The Story of the Space Pen... May 5, 2006 0:31:46 GMT -6
Post by Chicago Astronomer Joe on May 5, 2006 0:31:46 GMT -6
The billion-dollar space pen
Everybody has heard of the infamous Space Pen.
Space has its urban legends of course, and the Million Dollar Space Pen is one of the more enduring ones. It is neither as outlandish nor as unbelievable as the story about faking the Moon landings, and even though it seems more credible than a massive government conspiracy, it is probable that fewer people have heard it.
The story goes like this: in the 1960s, NASA astronauts discovered that their pens did not work in zero gravity. So like good engineers, they went to work and designed a wonder pen. It worked upside down. It worked in vacuum. It worked in zero gravity. It even worked underwater! And it only cost a million dollars!
The crafty Russians used a pencil.
This story, like most modern urban legends, has proliferated on the Internet, but it has also been passed by word of mouth. I’ve even heard a well-known space historian tell the story while talking about his new book, getting the expected laugh from his audience when he held up a Number 2 pencil for the punchline. And, of course, the story has also been embellished, with cost of the writing device getting ever higher, from a million dollars to a hundred million dollars to a billion dollars in some variations. Undoubtedly at some point the cost will equal the mythical trillion-dollar price of a mission to Mars.
Gemini and the space pencil
On March 23, 1963 the spaceship Molly Brown (otherwise known as Gemini Titan 3) lifted off from Cape Canaveral on a mission that lasted shortly under five hours. Gus Grissom and John Young were onboard.
The flight earned a bit of notoriety soon after it ended when the astronauts were at a press conference and were asked about a “contraband” baloney sandwich that Young had carried aboard the flight in lieu of the officially approved food that they had been provided. Although the controversy might seem silly at first, it had more serious undertones because of the concern that the astronauts might have concocted it as a stunt. At the time, the astronauts had an exclusive deal with Life magazine, and reporters and members of Congress speculated that the astronauts were prone to smuggle items or engage in media stunts that they would only reveal in their magazine stories. Another issue was that the flight surgeon had not approved the sandwich and was concerned about it because of possible crumbs, and the fact that it was two days old.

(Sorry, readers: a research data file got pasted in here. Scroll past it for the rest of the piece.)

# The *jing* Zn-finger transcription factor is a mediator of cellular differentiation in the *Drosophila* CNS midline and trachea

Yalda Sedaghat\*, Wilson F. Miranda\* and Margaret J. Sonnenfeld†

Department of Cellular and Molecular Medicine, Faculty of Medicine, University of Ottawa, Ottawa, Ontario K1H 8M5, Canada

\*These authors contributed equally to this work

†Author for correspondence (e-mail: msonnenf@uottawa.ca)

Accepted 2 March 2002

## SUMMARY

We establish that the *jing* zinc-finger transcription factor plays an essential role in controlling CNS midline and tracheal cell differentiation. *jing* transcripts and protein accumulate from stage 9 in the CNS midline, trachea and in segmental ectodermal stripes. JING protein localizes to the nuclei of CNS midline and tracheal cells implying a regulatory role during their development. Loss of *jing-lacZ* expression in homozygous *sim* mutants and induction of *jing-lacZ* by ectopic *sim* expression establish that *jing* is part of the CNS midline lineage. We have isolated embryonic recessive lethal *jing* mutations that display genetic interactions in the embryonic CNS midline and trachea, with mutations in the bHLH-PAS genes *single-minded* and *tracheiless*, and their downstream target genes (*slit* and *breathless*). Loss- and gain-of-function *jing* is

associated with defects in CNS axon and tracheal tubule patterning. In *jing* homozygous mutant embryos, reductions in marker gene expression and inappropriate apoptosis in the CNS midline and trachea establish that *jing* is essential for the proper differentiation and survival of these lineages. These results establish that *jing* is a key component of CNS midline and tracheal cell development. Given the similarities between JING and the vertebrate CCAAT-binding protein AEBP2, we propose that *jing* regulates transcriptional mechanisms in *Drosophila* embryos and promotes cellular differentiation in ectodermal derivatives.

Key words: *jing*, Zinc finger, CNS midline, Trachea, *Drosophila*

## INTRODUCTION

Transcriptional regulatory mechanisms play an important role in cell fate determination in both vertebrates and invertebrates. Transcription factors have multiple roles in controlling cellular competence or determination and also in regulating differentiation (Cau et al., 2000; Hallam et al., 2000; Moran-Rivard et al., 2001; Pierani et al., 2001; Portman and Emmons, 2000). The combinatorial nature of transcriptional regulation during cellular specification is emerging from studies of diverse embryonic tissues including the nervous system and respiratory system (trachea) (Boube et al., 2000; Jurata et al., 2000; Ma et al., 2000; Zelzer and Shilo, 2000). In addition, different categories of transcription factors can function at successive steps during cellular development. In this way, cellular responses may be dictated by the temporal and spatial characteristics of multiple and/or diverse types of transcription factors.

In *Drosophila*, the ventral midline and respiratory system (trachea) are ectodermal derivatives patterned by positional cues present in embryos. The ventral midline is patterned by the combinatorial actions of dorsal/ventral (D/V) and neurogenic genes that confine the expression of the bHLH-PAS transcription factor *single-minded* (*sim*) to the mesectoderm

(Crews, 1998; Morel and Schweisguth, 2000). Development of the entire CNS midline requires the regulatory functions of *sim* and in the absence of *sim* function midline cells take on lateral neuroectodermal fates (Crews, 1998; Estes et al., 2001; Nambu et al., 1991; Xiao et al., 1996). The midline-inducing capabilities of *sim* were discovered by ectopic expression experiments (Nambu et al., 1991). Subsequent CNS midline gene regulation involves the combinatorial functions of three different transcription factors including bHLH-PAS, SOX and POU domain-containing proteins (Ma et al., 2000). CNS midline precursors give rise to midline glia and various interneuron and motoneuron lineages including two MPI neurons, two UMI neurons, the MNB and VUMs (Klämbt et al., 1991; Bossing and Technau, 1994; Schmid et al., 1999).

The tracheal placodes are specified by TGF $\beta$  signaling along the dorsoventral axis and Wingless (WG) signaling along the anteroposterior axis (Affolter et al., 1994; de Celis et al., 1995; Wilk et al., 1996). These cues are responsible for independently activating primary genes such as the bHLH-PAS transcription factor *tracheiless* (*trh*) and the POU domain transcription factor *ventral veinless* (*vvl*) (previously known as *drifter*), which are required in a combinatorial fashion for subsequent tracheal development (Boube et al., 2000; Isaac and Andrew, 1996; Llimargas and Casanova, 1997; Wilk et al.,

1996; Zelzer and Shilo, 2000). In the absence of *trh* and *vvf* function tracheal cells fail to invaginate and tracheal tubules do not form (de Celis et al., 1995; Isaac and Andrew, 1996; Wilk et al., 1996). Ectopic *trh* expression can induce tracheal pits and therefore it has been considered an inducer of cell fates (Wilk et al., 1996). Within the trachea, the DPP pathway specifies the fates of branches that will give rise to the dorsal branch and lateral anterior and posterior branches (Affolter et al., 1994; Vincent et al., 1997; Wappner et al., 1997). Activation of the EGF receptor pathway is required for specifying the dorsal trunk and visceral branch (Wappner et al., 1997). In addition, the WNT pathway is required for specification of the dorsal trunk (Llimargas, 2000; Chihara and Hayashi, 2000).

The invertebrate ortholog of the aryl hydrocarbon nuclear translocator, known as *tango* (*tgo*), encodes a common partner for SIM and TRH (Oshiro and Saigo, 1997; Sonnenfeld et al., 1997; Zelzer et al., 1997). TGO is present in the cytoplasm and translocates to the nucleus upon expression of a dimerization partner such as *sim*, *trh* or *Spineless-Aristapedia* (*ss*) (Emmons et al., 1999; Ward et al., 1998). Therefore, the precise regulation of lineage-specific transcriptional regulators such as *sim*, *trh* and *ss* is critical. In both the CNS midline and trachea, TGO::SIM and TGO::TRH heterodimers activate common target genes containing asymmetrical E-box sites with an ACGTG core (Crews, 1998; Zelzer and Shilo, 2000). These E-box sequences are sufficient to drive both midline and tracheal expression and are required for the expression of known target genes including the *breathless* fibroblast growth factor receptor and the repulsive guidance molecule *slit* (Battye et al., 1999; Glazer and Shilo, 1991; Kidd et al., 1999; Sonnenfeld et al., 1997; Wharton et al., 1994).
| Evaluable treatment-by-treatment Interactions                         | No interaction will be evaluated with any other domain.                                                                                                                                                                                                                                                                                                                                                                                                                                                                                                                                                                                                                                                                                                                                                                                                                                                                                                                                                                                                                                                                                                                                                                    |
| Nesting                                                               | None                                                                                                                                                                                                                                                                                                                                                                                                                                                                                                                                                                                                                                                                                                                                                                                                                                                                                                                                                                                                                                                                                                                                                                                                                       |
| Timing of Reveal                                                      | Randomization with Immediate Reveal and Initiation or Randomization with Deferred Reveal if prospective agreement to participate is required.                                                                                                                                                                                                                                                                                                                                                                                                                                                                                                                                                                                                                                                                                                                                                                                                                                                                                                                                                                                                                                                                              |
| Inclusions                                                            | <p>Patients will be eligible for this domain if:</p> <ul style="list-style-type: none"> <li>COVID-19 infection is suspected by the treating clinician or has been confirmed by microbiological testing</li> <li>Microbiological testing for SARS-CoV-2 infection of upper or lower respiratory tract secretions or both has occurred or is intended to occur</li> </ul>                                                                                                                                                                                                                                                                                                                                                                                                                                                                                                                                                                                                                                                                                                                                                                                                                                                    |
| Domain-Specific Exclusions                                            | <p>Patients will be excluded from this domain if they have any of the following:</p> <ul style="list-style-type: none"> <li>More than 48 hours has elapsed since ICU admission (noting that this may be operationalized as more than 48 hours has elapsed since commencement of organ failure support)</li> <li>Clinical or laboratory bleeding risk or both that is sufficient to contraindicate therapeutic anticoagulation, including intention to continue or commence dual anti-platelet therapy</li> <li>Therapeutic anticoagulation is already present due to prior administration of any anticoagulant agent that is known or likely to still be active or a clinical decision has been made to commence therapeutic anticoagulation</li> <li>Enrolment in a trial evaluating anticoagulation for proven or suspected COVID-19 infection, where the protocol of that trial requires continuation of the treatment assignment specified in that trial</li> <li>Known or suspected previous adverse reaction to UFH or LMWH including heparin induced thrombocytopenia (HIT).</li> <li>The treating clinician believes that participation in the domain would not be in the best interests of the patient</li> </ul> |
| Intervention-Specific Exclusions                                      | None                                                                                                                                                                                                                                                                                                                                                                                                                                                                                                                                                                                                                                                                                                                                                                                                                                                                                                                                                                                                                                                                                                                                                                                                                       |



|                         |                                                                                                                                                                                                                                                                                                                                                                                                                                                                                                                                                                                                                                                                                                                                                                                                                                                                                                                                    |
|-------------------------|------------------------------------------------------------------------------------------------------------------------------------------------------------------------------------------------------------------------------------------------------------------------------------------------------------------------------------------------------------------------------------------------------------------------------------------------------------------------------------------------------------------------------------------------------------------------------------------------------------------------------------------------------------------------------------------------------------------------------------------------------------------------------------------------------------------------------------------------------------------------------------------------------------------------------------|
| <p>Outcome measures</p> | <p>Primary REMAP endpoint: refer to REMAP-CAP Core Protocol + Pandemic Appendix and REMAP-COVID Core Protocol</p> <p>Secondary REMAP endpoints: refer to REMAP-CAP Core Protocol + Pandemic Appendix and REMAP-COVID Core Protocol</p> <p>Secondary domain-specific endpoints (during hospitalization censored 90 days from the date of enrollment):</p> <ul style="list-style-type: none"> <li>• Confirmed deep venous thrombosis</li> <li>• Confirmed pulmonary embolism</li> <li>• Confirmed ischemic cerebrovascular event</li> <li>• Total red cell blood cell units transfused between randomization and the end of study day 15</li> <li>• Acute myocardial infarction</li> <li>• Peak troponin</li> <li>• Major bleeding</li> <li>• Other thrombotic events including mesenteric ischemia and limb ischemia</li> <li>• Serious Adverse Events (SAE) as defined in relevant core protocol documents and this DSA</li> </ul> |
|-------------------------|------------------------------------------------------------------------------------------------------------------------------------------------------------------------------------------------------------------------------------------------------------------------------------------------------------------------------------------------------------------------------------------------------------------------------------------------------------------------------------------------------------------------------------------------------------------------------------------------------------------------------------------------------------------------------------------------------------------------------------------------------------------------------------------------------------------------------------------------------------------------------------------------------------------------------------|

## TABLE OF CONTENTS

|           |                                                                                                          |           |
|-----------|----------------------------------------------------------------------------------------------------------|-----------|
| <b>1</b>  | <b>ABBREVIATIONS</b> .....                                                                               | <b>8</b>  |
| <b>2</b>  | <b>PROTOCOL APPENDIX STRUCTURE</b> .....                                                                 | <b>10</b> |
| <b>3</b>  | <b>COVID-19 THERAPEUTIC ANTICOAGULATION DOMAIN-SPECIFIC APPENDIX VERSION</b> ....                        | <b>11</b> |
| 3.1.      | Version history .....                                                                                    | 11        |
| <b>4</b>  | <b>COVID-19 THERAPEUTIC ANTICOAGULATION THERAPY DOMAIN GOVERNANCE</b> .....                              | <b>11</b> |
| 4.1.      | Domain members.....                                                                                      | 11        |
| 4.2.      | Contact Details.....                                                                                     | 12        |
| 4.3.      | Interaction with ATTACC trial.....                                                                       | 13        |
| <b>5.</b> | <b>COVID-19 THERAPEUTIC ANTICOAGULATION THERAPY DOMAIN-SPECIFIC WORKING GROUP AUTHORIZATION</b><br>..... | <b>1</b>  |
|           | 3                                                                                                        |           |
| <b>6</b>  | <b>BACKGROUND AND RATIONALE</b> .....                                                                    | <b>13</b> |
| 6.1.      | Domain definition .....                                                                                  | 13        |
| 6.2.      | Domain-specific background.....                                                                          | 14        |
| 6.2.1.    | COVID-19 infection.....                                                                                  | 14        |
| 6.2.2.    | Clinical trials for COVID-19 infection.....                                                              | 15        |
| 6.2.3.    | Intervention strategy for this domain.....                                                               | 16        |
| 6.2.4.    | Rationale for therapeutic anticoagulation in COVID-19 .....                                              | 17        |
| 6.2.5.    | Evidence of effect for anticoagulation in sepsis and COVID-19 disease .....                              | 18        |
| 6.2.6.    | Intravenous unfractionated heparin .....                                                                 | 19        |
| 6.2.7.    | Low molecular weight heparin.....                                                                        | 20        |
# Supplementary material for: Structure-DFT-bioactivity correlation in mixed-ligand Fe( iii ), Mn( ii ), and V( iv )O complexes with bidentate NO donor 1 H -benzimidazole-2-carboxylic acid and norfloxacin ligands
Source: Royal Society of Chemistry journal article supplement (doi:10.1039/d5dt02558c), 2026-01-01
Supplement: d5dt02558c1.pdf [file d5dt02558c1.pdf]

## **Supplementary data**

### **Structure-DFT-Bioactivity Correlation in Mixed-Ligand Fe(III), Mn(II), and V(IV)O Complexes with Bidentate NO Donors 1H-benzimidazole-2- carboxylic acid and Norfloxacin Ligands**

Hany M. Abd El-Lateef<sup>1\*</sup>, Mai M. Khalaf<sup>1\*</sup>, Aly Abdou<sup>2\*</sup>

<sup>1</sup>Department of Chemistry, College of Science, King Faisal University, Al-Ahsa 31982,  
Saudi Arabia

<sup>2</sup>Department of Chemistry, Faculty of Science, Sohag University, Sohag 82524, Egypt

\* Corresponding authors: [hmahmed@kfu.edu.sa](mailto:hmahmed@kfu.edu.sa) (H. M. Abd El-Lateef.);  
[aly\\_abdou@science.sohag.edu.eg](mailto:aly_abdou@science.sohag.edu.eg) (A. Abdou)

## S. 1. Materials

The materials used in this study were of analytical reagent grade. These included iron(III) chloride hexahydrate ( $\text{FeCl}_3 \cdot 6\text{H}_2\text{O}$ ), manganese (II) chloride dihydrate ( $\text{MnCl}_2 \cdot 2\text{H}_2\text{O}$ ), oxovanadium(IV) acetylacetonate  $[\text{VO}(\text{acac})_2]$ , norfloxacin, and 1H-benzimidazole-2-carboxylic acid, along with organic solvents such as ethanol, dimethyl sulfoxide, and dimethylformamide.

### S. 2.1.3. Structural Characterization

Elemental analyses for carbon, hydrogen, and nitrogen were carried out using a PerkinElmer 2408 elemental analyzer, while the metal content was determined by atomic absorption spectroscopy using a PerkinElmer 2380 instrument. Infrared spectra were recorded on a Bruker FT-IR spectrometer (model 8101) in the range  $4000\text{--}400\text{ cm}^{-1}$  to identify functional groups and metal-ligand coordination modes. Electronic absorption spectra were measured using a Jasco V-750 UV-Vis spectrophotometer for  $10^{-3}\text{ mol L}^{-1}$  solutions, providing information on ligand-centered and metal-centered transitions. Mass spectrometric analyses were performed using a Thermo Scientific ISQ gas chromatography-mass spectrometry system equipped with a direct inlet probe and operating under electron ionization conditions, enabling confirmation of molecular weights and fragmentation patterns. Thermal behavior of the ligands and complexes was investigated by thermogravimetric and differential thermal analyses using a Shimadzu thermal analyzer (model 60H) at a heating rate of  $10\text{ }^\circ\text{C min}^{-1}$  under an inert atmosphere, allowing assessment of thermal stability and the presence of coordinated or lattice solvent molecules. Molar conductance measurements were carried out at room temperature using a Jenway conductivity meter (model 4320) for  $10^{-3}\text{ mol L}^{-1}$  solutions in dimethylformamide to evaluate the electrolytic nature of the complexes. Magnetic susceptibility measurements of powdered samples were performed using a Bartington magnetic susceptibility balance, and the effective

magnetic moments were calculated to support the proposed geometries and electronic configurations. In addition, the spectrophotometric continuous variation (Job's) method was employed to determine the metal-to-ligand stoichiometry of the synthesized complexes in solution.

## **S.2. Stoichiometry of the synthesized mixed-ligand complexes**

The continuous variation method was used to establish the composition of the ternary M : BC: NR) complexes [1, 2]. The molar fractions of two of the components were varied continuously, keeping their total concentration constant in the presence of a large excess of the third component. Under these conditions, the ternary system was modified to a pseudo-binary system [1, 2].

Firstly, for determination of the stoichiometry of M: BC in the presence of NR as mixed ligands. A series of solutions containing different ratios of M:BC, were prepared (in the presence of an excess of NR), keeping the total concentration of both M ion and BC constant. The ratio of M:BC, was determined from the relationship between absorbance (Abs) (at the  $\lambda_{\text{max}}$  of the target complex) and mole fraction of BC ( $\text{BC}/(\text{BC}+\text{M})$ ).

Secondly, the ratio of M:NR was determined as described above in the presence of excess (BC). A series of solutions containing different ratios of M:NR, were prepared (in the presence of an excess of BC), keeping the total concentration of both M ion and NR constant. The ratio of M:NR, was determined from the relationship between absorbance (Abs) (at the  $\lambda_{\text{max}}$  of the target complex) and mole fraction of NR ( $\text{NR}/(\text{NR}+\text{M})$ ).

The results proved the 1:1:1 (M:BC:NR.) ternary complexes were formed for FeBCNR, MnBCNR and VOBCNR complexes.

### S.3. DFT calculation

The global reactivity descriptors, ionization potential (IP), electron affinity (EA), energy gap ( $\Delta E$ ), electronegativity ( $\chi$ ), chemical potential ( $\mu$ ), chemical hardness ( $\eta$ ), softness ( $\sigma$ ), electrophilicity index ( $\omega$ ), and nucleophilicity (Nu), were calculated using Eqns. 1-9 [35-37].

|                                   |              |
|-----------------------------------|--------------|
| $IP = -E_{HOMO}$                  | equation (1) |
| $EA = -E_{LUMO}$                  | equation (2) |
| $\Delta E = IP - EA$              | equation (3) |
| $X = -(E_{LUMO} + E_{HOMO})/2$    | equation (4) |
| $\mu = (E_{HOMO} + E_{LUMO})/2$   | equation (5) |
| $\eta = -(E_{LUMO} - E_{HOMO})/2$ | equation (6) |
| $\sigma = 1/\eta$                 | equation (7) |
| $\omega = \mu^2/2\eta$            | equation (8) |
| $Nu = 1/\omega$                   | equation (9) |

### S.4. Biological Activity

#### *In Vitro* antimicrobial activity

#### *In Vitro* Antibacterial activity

This, however, was actually the second controversy about the flight. Earlier in the month, several newspapers reported that the mission would carry two pencils that cost $128.84 apiece. NASA had spent $4,382.50 to purchase 34 of the pencils.
The flap over the pencils, combined with the controversy over the sandwich, resulted in an investigation by NASA into what objects were carried aboard the spacecraft and why. The investigation revealed that in addition to the sandwich, the astronauts carried an American flag (flown with management approval), a diamond ring owned by Grissom, Florentine crosses of Saint Gemini that had been sent by someone in Italy to the astronauts—and a brassiere (hopefully not worn by one of the astronauts). The astronauts were cautioned by Deke Slayton about “such antics in the future.”
But the most sensitive items carried aboard Molly Brown were… four Pentel pencils with a total cost of $0.49. Deke Slayton “was instructed to take every precaution in preventing this item from becoming public,” wrote an investigator after the fact (PDF, 0.2 MB). It is easy to understand why: when Congress and the public were outraged about the expensive $129 mechanical pencils, they would be even madder to learn that regular (and Japanese!) pencils were carried as well.
The myth of the wasteful bureaucracy
The Million Dollar Space Pen Myth is just that, a myth. The pens never cost a lot of money and were not developed by wasteful bureaucrats or overactive NASA engineers. The real story of the Space Pen is less interesting than the myth, but in many ways more inspiring. It is not a story of NASA bureaucrats versus simplistic Russians, but a story of a clever capitalist who built a superior product and conducted some innovative marketing. That story, however, is a little harder to sell to a public that believes what it wants to believe.
The Full and unedited story here: www.thespacereview.com/article/613/1
Dwayne day writes great early NASA accounts of interesting origin...